by SCMG Stephanie Wrightson
Sonoma County Master Gardeners include pineapple guava in the Top Plants for Sonoma County. Fall is an ideal month to plant woody shrubs and trees.
Following a move from the the Mid-Atlantic to Sonoma Valley, I attended the local May lavender festival. The lavender farm’s landscape included large, attractive bluish-green shrubs covered with eye-catching inch-wide white flowers with large red stamens. The property owner identified it as pineapple guava (Feijoa sellowiana, AKA Acca sellowiana; not a true guava). Each flower gives the promise of a late fall/early winter fruit.
After the first growing season, I removed the nursery trellis and placed tree stakes about six feet apart on either side of the shrub and lashed two bamboo poles to the stakes that loosely lace through the guava’s branches. This provides support in the occasional strong winds and guides me as I lightly prune the guava to keep its espaliered shape. Once it reaches the desired height and width, heavier pruning in early spring will keep the guava in proportion to the scale of my yard. A hori-hori knife makes quick work of the light suckering.
While the pineapple guava is drought tolerant, I give it regular water (20 minutes, three times a week during the summer months) so that I can optimize fruiting. Despite getting full sun, the west end of the Sonoma Valley is affected by the coastal weather pattern and the guava appreciates some of this cool weather. If you live in a very hot inland microclimate, the plant will appreciate some protection from the hottest part of the day. An added bonus is that the small black-tailed deer who visit my garden ignore the guava. Only the new fawns take a taste and, then, ignore it. Additional positives: pineapple guava tolerates cold weather to 10-15 degrees and is virtually pest-free.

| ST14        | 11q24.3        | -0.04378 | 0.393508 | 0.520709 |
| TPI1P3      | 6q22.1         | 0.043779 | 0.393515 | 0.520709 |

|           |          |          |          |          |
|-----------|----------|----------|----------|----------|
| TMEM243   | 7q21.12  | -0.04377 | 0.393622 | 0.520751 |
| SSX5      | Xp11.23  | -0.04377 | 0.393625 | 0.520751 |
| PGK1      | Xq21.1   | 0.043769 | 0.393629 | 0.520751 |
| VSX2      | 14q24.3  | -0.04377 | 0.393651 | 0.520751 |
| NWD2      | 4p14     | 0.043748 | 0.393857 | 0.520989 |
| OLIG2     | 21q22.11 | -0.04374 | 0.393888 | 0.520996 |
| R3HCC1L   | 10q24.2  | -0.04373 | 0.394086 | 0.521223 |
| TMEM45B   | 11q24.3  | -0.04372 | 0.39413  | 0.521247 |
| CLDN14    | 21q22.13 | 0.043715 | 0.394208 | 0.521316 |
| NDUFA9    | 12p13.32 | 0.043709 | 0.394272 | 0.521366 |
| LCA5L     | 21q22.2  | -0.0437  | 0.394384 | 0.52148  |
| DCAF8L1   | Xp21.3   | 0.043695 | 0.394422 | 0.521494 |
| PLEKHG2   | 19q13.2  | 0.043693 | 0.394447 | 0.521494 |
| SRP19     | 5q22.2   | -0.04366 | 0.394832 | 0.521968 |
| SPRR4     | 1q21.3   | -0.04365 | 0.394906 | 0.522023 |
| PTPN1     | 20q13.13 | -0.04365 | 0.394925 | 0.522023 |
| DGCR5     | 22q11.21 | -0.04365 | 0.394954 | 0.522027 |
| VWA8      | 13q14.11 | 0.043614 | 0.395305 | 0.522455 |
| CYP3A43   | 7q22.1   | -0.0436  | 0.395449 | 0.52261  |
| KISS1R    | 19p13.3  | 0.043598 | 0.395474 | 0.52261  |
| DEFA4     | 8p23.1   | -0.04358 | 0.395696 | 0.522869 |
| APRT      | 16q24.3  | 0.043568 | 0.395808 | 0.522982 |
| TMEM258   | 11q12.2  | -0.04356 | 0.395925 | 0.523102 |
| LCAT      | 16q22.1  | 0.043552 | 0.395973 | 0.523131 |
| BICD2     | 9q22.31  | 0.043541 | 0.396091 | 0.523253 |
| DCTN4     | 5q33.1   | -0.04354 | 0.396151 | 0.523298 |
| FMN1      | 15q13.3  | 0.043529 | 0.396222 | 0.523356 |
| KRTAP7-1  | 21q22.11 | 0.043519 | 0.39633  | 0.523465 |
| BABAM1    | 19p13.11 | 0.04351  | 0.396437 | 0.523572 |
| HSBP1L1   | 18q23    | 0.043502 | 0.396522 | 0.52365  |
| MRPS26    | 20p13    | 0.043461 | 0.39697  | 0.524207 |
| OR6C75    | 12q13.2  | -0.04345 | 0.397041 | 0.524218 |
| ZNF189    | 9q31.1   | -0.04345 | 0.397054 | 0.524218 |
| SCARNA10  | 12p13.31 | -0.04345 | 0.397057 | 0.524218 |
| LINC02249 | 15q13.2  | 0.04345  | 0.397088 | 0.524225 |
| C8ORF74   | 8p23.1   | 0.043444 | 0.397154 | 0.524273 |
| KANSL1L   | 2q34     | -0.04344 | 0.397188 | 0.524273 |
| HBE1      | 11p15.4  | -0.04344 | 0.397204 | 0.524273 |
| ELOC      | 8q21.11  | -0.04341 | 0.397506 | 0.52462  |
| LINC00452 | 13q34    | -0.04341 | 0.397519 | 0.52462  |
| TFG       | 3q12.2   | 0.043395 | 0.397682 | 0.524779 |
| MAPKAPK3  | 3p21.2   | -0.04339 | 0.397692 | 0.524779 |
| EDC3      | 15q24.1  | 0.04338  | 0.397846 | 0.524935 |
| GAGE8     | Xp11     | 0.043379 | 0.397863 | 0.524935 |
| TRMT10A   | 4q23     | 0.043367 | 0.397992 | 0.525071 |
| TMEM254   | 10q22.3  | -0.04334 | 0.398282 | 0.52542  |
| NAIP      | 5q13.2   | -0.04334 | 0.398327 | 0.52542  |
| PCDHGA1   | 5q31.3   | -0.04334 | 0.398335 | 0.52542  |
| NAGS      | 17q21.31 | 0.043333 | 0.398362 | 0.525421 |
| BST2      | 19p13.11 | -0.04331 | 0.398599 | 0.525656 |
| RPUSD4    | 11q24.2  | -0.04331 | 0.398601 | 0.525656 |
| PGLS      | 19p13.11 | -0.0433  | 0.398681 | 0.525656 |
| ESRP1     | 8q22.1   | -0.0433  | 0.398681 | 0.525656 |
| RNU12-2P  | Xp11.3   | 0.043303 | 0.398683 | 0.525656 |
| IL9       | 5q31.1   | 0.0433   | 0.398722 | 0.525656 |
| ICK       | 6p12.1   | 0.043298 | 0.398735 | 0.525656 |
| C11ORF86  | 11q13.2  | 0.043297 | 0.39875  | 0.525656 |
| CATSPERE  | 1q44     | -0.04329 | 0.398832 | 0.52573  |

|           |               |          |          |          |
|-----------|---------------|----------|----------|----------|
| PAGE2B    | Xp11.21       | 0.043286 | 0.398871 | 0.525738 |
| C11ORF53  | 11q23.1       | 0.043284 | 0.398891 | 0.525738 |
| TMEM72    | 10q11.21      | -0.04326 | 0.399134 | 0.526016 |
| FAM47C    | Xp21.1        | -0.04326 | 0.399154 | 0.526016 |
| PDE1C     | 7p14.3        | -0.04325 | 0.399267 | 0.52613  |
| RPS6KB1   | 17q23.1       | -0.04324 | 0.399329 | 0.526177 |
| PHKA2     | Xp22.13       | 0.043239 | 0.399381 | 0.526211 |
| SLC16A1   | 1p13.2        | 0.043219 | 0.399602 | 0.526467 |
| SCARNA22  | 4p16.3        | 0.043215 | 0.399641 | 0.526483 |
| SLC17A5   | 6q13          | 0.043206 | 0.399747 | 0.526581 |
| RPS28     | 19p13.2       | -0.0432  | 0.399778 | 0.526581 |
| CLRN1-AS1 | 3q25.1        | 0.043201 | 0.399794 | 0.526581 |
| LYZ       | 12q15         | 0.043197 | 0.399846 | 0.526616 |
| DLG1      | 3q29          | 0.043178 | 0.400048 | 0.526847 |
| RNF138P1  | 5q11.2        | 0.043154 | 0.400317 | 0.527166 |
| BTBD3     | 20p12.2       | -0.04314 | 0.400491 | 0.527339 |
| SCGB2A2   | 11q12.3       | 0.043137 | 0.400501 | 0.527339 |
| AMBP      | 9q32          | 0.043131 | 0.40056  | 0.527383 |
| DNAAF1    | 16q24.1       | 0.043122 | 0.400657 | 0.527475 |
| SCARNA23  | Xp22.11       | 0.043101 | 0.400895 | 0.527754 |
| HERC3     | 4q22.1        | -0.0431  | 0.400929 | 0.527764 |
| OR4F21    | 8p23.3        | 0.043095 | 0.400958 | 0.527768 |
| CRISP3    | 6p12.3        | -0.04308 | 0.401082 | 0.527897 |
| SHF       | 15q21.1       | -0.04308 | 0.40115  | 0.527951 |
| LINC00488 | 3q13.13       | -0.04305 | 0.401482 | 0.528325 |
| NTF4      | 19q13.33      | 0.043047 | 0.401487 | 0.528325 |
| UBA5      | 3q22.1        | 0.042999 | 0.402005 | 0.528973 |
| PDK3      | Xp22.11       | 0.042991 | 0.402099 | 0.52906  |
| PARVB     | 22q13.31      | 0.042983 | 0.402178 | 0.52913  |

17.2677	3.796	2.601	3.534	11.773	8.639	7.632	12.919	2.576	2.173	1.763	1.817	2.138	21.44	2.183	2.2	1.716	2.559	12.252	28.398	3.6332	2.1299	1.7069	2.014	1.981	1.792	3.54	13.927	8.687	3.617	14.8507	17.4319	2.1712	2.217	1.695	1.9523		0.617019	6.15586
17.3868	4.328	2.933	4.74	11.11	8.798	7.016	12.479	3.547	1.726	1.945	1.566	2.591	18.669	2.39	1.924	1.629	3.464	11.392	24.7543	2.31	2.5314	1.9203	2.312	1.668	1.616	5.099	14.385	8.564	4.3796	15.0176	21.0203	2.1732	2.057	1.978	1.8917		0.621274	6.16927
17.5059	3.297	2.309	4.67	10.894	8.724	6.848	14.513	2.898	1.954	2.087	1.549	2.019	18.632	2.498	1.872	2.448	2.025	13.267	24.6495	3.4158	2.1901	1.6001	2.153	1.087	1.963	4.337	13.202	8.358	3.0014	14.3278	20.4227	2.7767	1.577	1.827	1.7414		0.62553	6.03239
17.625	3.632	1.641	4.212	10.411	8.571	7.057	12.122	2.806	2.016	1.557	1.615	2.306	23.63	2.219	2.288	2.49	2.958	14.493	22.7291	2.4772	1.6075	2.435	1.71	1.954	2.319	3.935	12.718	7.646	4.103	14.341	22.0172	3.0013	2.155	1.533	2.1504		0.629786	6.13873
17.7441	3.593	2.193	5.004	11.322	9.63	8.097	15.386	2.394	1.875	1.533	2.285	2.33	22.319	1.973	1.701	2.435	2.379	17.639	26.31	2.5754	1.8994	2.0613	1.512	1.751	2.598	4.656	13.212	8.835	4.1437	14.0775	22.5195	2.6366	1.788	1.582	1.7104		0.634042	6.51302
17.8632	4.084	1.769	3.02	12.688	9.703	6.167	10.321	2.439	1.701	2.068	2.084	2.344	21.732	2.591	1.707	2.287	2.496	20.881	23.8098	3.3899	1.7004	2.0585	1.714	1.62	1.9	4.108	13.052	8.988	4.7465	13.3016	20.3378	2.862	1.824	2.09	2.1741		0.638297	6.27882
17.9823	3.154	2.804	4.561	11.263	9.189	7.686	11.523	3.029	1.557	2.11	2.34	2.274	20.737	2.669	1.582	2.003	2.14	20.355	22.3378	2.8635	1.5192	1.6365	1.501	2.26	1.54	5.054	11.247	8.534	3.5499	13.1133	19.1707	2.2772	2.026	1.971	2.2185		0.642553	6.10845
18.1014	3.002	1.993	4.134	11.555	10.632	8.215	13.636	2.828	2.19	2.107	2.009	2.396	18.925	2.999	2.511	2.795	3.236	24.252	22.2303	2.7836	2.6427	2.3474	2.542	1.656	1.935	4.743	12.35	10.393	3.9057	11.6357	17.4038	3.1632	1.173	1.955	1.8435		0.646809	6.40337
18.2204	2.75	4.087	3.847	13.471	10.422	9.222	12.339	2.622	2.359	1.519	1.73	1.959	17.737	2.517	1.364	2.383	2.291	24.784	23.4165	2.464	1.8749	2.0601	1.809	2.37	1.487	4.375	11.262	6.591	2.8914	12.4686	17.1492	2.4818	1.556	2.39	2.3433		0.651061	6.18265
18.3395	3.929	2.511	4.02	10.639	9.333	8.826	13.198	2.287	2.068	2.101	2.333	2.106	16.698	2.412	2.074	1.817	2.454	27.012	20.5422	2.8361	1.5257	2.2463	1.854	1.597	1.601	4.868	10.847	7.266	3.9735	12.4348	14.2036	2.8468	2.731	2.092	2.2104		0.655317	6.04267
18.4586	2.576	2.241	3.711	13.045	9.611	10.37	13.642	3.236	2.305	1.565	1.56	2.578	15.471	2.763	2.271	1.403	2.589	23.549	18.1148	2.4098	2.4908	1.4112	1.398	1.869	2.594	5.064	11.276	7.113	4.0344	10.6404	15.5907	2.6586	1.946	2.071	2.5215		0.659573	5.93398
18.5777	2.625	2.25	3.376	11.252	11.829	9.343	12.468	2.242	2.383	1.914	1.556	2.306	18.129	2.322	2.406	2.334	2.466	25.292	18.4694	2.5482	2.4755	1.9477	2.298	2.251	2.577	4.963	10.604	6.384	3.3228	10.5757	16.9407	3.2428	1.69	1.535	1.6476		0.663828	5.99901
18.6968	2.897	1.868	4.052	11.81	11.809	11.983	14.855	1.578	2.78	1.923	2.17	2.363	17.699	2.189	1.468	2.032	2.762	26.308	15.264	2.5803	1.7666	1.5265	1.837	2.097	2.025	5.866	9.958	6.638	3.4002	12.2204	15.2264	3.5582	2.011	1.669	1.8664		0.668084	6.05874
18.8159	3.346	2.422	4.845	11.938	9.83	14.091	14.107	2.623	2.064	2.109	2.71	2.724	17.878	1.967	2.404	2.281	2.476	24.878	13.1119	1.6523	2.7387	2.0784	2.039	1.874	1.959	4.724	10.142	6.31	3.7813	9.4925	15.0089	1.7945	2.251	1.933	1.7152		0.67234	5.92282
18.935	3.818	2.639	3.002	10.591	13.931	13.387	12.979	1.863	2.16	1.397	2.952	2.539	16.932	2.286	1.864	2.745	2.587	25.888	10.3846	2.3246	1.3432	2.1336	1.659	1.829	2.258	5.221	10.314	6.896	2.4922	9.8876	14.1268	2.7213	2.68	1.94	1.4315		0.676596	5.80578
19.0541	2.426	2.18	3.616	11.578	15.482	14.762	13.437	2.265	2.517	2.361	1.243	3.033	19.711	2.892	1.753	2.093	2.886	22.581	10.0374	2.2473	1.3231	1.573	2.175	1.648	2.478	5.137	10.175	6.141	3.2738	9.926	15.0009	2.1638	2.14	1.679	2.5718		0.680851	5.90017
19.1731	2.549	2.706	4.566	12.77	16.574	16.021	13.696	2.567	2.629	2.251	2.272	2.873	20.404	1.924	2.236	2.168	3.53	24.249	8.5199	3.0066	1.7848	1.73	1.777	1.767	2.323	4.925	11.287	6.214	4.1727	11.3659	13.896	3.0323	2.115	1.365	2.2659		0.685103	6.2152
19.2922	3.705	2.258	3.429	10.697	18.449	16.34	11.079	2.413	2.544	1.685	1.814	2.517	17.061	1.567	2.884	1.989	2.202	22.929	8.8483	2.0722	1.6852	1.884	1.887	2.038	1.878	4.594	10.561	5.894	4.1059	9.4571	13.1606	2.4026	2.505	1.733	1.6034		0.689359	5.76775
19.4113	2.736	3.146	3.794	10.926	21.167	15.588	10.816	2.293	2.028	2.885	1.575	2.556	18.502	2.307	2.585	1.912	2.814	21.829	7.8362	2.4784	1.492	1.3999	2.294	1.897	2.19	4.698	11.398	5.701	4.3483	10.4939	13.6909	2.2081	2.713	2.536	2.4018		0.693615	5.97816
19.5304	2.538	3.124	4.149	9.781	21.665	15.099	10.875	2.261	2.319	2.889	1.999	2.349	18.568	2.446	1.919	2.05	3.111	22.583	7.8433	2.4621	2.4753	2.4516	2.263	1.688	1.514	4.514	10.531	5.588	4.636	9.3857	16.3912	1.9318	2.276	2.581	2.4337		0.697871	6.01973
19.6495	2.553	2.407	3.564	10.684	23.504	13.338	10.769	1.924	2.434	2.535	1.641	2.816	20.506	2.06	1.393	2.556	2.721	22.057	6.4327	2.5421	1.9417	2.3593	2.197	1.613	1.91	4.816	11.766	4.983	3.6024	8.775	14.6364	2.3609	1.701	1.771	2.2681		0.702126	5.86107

Most improved varieties are self-fertile but not all are. Ask the nursery about the variety characteristics if you plan to plant just one guava. In any event, you may wish to plant two if you desire a bountiful crop. If growing the plant for fruit, the Sunset Western Garden Book recommends ‘Apollo,’ ‘Collidge,’ ‘Mammoth,’ ‘Nazemetz,’ and ‘Trask.’
I am expecting next year’s fruit production to be plentiful enough to make a batch of guava jelly…and maybe guava ice cream. I can’t wait!